rogers centre
Fan Follow Friday puts the spotlight weekly on one of my readers, as they share their favorite ballparks and baseball memories. Hope you enjoy hearing their stories!! This week we go to the great white north and hear what Toronto is all aboot from Mike Hallihan, a Blue Jays fan:

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Name: Mike Hallihan

Age: 33

Hometown: Toronto, Ontario, Canada

Favorite team: Toronto Blue Jays

Twitter: @MikeHallihan

How did you get into baseball?

Well, being from a tiny town (shout out to Miramichi, New Brunswick, Canada) that didn’t have a professional baseball team, or any professional sports for that matter, it was challenging to keep up with baseball. Sadly, my youth was really pre-Internet, so I didn’t have access to anything like we do now. So I got “into” baseball the best way possible… by playing. I was lucky enough to be a part of a couple of very good teams and winning a  Provincial (I believe you’d call it a “State” in the south) Championship title. Winning certainly helps you gravitate toward certain things.

As for watching Major League Baseball, I, of course, was a Toronto Blue Jays fan growing up. I had to support one of Canada’s two teams at the time, right? I got to enjoy the ’92 and ’93 World Series victories as a kid, staying up late. It was incredible. When my family finally ended up splurging on one those big, honkin’ US satellite dishes, my love for baseball grew and sort of shifted from the Jays, to a singular player, a guy named Ken Griffey Jr. You might have heard of him. So for the next 15-ish years, I was a huge Mariners fan. But please understand that this whole “switching teams” thing does go against my life’s moral code, so know that I do not take this kind of thing lightly. I hate when people just switch teams, especially to bandwagon hop. I still carry some leftover shame for doing so.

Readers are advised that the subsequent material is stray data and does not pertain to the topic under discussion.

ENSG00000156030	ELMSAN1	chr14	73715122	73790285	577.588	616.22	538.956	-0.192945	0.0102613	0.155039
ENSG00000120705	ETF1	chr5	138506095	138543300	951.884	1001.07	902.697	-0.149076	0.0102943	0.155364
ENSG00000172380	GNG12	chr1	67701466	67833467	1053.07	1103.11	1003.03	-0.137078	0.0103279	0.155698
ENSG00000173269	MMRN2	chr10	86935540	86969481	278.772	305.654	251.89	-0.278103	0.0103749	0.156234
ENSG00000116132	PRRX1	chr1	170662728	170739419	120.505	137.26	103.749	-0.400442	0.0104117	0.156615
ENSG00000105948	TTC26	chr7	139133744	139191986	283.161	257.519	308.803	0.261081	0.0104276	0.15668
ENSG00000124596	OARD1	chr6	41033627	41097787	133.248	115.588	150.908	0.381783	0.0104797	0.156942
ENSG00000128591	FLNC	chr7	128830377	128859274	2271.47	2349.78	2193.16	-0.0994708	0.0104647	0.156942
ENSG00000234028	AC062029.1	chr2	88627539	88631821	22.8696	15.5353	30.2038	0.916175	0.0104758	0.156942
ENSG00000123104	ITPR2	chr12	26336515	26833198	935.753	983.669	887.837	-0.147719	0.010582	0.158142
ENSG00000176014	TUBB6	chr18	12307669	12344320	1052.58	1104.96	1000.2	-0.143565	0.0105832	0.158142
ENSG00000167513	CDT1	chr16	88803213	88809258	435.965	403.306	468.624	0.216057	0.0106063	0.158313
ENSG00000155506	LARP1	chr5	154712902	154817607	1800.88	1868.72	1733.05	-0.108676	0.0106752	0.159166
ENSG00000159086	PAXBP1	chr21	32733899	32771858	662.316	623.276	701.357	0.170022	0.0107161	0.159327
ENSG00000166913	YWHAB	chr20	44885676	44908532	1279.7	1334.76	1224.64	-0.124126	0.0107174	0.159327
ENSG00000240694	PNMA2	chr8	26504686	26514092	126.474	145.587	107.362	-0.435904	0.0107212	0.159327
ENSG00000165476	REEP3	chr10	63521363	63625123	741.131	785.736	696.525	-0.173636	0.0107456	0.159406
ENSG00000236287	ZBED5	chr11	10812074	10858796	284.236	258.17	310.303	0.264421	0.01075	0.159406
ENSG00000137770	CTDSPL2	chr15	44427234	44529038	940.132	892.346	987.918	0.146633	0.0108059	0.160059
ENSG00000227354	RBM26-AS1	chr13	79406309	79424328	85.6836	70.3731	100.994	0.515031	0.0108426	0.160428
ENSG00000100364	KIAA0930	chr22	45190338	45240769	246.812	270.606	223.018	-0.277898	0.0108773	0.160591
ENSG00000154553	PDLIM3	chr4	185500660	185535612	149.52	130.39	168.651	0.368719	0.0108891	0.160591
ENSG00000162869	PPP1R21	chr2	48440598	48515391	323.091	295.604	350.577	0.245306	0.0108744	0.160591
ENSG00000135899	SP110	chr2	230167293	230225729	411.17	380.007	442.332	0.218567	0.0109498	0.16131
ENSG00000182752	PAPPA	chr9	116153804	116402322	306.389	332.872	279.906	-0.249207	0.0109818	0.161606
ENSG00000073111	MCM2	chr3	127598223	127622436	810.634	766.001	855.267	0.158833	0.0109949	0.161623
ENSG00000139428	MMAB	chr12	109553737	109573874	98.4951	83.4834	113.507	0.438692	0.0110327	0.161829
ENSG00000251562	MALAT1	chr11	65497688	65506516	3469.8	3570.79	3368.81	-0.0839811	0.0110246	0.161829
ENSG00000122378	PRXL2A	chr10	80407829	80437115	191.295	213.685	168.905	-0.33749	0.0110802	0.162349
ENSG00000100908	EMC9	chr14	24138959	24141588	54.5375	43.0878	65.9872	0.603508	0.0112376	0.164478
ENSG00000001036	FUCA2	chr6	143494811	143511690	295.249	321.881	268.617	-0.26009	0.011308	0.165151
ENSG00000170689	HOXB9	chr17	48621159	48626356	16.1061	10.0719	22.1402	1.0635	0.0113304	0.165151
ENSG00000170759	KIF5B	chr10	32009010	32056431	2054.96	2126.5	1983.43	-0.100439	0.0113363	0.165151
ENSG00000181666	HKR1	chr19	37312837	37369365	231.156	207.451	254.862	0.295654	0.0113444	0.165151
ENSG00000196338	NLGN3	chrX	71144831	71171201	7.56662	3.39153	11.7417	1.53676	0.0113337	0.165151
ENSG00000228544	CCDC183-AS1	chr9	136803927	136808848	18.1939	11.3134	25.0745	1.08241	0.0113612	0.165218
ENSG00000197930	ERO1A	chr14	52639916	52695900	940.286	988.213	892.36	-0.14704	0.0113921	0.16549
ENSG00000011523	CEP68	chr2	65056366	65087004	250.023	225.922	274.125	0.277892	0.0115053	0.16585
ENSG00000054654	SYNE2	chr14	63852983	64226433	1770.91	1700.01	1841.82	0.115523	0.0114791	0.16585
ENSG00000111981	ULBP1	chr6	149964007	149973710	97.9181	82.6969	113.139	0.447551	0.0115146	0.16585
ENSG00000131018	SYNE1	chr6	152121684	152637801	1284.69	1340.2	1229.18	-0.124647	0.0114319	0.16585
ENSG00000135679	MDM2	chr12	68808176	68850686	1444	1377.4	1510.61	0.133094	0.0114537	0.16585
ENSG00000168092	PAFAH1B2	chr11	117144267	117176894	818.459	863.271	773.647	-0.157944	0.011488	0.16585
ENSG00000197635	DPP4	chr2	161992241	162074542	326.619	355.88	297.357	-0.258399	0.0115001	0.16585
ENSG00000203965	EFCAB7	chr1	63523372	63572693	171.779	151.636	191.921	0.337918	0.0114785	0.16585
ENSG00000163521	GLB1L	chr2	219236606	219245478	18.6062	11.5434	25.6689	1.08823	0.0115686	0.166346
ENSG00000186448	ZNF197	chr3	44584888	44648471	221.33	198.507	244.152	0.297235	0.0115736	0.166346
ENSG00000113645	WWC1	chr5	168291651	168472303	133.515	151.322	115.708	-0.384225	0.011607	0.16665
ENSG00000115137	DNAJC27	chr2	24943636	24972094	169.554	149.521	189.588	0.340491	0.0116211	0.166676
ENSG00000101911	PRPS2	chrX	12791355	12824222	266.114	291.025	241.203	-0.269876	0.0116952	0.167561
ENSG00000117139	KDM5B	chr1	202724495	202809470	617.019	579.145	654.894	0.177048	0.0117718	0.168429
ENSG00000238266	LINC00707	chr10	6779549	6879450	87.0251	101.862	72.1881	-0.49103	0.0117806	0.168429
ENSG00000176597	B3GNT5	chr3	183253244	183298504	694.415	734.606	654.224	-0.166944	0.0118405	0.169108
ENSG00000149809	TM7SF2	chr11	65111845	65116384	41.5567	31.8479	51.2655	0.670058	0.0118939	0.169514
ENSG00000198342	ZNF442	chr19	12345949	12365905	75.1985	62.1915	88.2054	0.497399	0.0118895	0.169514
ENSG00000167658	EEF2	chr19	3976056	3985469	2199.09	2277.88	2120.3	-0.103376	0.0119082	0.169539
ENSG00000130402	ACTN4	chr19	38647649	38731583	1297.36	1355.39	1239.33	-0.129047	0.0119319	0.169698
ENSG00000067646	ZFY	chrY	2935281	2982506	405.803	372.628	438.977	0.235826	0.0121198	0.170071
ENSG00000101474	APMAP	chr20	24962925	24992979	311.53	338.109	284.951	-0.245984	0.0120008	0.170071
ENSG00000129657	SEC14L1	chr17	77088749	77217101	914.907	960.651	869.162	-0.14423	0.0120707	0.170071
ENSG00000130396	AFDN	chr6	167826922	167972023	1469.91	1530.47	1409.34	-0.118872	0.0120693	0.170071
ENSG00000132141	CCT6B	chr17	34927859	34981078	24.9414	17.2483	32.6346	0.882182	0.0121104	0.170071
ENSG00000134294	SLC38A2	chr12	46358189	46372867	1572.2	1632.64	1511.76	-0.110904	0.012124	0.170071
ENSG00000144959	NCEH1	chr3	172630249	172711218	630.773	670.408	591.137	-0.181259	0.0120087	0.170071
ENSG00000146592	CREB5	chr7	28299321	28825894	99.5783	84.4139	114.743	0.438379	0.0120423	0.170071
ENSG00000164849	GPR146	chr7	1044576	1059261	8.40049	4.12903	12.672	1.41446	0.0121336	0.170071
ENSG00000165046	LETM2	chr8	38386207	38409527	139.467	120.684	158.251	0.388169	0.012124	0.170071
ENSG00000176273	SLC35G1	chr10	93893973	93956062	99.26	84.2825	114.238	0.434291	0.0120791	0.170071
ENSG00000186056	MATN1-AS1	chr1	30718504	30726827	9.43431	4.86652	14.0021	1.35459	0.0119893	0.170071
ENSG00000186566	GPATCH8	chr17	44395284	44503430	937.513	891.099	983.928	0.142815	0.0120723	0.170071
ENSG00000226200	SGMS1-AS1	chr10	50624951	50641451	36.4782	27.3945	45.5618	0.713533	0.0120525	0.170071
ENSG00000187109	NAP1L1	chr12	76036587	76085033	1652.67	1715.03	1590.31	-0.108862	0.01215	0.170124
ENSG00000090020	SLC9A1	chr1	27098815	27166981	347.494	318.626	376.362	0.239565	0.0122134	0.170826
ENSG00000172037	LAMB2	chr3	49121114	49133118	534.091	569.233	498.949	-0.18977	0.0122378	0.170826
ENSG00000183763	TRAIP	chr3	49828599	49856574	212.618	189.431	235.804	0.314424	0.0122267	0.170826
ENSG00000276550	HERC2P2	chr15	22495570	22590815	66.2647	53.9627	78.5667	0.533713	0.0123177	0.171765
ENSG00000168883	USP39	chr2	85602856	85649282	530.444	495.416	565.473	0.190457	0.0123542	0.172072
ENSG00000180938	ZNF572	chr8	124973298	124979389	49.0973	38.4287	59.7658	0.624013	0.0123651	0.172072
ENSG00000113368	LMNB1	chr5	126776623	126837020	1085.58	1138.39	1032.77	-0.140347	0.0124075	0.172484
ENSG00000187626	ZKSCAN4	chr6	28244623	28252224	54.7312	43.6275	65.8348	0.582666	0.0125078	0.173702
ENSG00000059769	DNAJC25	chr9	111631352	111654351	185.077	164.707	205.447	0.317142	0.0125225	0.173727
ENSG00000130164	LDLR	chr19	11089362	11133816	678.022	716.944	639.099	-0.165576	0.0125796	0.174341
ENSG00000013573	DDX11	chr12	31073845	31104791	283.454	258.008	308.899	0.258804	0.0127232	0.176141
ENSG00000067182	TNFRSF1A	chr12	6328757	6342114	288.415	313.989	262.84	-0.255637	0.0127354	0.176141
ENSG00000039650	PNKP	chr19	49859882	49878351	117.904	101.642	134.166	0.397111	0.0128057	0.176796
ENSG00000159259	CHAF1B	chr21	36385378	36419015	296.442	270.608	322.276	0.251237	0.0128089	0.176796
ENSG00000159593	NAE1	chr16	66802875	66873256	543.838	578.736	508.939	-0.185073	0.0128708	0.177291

With Griffey in his twilight and with me moving to Toronto in 2010, I decided it was time to come back to the Jays and be ALL-IN! There’s something about literally living down the street from the ballpark that makes your fandom much easier. At times I felt like I had the Rogers Centre all to myself.

Check out my condo at the time:

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Favorite Ballpark:

Residing “north of the border,” traveling to ballparks is a bit more challenging. Although, Alicia, you certainly proved that it just takes an impressive level of determination and of course, proper budgeting to get where you need to go.

Up to this point, I’d have to say my favorite park is Fenway Park in Boston. The tradition, the antique-ness (yes, I’m making that a word) and even the smells. That place literally just “smells” like baseball in there. Underneath the stadium among the concessions, it smells like hot dogs, onions, fresh grass and just, well… BASEBALL!

To be able to see The Green Monster in person and listen to those Boston sports fans with their thick accents, give diatribes about the team and the city, was amazing. I ended up sitting out by the Pesky Pole and narrowly missed nabbing a home run ball! I predicted a Big Papi home run just a minute before he actually hit one. And well, just to see Justin Verlander as a rookie, pitch against David “Boomer” Wells, that was gravy.